The following is an excerpt:
The presidential nominees for the Libertarian and Green Parties both support bolder drug policy proposals, including marijuana legalization, than presumptive Democratic nominee Joe Biden or President Trump.
Libertarian pick Jo Jorgensen and Green nominee Howie Hawkins recently discussed their views on the issue and backed legalizing cannabis for adult use and more broadly ending the criminalization of other currently illicit substances.
Hawkins also recently talked about drug policy reform as a tool to combat mass incarceration during a remotely delivered speech for the Green Party National Convention.
“We’ve got to treat drug abuse as a health problem. You should legalize marijuana and decriminalize the hard drugs like Portugal,” he said. “Instead of just throwing people in prison and building the biggest prison industrial system in the world—which Joe Biden had a lot to do [with], he wrote the legislative architecture for that as chair of the Senate Judiciary Committee—we should be treating drug addiction as a health problem, not a criminal problem.”
The candidate also argued in a separate interview with C-SPAN that removing criminal penalties for illicit drugs can “can reduce opioid overdoses” by ending stigmas attached to seeking treatment.
“We want to decriminalize all drugs, except marijuana—we just want to legalize it like alcohol and tobacco,” he said. “It’s not as dangerous as those two drugs and it should be taxed and regulated. For other illicit drugs, we want to do like they did in Portugal about 20 years ago.”
Both third-party nominees are going further on drug policy than either Biden or Trump, neither of whom support legalizing marijuana.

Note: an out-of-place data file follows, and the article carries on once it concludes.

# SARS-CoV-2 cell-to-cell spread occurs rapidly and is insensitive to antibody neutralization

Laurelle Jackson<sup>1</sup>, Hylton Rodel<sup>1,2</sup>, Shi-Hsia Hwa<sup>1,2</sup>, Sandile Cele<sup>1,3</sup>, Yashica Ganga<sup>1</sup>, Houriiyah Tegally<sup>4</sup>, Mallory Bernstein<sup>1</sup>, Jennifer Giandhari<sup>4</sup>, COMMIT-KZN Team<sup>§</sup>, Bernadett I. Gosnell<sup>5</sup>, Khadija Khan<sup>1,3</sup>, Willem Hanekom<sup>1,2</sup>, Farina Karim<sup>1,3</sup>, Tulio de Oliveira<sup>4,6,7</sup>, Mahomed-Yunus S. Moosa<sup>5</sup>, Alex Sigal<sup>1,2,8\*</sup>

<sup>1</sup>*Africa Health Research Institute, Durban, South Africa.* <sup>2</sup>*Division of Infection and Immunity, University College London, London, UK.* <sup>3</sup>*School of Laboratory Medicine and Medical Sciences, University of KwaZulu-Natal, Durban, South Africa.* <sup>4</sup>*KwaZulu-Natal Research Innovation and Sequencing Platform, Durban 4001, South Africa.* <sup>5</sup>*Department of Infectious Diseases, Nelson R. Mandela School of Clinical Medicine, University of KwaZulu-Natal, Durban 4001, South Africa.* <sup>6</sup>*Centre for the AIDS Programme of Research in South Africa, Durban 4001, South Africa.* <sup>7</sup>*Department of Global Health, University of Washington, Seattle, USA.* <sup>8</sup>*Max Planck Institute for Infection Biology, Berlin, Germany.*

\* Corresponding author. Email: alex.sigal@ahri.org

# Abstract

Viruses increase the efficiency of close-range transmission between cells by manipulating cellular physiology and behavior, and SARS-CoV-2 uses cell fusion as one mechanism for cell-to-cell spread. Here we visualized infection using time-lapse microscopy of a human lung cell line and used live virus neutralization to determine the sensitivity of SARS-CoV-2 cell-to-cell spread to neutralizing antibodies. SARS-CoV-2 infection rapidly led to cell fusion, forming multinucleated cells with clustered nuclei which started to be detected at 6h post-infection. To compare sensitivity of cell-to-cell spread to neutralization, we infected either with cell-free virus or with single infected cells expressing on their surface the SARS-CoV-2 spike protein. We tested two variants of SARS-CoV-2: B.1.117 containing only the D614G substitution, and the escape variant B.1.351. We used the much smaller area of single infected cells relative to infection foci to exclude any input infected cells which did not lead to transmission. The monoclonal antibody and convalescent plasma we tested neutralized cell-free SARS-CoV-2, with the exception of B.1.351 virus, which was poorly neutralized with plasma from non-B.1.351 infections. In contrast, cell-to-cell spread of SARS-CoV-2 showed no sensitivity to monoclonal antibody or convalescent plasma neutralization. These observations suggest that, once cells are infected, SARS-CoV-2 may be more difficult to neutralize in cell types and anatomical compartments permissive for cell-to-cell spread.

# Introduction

Biden, who during his decades as a senator championed punitive drug legislation, has so far drawn the line at decriminalizing cannabis possession, federal rescheduling, medical marijuana legalization, expungements and allowing states to set their own policies.
For his part, Trump has voiced tentative support for legislation to allow states to set their own cannabis policies without federal interference and also backs medical cannabis.
That said, while the president’s reelection campaign has been working to frame him as the criminal justice reform candidate, he hasn’t proactively championed cannabis reform, has made several anti-marijuana administration hires and issued signing statements stipulating that he reserves the right to ignore long-standing congressional riders that prohibit the Justice Department from using its funds to interfere with state-legal medical marijuana programs.
Also, despite his pledged support for medical cannabis and states’ rights, Trump evidently holds some negative views toward marijuana consumption, as evidenced in a recording from 2018 that was leaked two years later. In that recording, the president said that using cannabis makes people “lose IQ points.”